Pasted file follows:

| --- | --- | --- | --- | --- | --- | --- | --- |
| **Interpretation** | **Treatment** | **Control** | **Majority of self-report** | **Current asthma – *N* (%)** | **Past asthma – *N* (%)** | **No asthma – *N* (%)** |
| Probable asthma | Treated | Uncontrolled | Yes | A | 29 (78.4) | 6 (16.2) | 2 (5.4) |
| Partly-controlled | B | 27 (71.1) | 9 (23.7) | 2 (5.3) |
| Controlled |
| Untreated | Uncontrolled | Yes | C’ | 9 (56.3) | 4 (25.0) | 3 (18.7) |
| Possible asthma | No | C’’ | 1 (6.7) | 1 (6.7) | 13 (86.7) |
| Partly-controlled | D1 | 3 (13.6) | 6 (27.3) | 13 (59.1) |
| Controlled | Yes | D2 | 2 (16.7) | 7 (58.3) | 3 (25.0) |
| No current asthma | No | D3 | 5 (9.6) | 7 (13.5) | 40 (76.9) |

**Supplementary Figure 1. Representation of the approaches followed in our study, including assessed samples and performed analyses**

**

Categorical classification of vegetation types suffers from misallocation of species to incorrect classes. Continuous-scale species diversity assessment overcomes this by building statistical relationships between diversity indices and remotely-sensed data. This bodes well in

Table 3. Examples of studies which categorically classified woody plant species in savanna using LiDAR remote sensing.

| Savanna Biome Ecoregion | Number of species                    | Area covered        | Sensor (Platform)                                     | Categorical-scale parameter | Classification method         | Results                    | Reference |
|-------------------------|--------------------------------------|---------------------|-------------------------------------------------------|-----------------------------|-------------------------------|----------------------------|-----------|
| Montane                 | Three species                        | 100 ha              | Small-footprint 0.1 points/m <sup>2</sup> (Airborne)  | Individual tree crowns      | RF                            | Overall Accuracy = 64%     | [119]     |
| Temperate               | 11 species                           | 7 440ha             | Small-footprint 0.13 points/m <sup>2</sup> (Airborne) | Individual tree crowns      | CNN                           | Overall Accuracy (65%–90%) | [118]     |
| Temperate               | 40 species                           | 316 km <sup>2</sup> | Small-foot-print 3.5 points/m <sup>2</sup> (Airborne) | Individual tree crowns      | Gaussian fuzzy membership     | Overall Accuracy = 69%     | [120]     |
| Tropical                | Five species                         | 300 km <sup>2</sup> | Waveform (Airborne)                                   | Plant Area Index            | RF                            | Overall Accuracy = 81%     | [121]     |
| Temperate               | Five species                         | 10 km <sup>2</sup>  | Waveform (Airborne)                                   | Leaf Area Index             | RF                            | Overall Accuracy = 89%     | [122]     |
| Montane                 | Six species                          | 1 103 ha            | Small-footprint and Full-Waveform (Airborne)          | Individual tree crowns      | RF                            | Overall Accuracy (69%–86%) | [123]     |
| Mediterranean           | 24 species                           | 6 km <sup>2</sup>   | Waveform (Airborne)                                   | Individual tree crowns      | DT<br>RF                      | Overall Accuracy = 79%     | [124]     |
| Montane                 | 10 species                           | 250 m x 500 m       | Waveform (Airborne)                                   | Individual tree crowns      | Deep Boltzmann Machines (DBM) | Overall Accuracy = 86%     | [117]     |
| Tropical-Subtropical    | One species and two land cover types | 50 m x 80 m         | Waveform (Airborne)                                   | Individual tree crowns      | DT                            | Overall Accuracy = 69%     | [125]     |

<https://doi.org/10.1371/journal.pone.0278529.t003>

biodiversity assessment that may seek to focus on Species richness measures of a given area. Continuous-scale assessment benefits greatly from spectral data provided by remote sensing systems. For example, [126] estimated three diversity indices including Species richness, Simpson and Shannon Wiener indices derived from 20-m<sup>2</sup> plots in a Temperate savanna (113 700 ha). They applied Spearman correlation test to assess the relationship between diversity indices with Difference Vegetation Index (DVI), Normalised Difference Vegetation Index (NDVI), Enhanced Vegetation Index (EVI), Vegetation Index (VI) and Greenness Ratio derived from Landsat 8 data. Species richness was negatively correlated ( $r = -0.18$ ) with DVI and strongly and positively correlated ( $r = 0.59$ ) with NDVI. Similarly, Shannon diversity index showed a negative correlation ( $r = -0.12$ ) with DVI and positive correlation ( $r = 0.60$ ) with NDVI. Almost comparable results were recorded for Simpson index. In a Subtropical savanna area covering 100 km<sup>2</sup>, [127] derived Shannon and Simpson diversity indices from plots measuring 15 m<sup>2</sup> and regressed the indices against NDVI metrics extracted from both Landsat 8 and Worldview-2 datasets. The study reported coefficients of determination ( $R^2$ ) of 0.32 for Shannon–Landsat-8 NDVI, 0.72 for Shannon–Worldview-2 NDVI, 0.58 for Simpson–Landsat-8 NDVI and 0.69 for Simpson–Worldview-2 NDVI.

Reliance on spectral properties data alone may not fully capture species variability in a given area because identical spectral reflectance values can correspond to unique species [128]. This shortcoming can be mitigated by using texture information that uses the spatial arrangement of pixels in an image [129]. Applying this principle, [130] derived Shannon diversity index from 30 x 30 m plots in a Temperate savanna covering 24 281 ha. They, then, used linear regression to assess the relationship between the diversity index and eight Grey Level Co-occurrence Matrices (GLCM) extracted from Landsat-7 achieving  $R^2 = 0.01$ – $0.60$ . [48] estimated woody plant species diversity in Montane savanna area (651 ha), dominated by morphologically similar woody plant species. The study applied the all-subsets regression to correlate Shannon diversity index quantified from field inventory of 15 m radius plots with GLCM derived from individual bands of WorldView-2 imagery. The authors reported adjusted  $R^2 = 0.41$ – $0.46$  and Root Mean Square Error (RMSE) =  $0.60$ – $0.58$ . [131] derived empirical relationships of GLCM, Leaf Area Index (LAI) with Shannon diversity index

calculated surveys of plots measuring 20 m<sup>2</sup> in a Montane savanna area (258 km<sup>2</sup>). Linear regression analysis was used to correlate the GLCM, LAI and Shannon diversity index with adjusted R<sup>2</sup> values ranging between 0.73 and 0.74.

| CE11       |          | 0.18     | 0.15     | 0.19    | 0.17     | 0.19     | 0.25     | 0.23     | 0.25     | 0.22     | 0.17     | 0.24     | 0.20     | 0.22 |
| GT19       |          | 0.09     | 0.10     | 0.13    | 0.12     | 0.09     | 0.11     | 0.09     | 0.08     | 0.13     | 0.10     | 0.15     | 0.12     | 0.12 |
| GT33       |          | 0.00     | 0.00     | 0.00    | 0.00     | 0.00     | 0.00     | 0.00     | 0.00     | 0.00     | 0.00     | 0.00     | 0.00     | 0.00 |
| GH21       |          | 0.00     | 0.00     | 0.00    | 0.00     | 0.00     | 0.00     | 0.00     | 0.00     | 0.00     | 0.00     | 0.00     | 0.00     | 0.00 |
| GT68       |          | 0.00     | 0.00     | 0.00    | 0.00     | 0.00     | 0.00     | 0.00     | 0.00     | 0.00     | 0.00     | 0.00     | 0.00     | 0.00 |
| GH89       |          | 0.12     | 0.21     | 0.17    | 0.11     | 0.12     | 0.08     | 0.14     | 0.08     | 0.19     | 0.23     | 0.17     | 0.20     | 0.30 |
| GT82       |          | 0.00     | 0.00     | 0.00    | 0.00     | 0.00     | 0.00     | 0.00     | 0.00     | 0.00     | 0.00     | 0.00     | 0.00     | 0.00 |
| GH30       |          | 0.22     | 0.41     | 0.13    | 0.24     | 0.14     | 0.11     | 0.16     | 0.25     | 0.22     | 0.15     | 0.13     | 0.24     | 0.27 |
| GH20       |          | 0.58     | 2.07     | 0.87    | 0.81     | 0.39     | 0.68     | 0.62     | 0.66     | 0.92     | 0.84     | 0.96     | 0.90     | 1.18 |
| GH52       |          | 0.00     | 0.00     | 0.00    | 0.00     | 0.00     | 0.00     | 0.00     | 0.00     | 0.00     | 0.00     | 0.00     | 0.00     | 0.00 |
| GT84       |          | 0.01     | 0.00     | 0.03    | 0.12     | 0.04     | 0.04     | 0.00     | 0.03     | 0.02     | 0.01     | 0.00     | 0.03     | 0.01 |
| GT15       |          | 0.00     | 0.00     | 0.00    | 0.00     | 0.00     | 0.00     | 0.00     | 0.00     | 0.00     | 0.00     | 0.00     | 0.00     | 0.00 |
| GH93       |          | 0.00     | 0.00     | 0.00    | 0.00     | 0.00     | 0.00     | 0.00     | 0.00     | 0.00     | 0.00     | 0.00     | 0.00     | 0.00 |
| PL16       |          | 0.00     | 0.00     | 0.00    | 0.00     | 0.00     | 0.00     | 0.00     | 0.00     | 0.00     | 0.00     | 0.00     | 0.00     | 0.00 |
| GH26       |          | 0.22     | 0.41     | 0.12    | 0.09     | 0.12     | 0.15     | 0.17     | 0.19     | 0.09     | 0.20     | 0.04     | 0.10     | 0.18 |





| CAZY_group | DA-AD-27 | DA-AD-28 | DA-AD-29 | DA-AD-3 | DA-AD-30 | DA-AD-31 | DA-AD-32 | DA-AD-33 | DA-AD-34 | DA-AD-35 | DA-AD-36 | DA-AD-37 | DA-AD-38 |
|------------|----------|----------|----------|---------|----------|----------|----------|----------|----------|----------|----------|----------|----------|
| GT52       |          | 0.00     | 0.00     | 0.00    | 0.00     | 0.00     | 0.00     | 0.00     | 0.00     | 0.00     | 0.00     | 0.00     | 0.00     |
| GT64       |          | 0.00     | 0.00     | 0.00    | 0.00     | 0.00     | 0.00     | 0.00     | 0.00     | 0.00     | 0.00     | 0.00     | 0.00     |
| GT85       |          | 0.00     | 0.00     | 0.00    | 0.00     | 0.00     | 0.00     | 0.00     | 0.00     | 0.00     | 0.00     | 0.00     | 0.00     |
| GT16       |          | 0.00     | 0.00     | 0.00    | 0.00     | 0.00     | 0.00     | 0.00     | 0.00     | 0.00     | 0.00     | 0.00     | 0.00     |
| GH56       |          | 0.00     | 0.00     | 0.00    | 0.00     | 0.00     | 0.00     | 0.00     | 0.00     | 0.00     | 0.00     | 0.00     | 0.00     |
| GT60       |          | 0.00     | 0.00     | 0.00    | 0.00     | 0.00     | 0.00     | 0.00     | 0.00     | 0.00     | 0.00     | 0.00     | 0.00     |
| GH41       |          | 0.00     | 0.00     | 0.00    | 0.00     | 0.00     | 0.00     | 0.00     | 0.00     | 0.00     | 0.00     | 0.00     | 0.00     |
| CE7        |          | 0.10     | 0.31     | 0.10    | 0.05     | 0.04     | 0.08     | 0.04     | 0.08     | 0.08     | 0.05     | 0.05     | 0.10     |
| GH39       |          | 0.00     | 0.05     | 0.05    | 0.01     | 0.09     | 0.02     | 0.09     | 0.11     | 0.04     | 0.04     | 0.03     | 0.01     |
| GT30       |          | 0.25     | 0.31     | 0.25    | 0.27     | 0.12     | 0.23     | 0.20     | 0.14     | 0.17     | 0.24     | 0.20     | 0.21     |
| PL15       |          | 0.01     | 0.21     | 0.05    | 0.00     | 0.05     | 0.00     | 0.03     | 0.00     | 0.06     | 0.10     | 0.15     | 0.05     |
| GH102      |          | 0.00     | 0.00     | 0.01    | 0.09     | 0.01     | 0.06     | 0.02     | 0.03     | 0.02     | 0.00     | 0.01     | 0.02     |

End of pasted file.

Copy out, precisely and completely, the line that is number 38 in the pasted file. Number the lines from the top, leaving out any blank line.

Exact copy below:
| GH20       |          | 0.58     | 2.07     | 0.87    | 0.81     | 0.39     | 0.68     | 0.62     | 0.66     | 0.92     | 0.84     | 0.96     | 0.90     | 1.18 |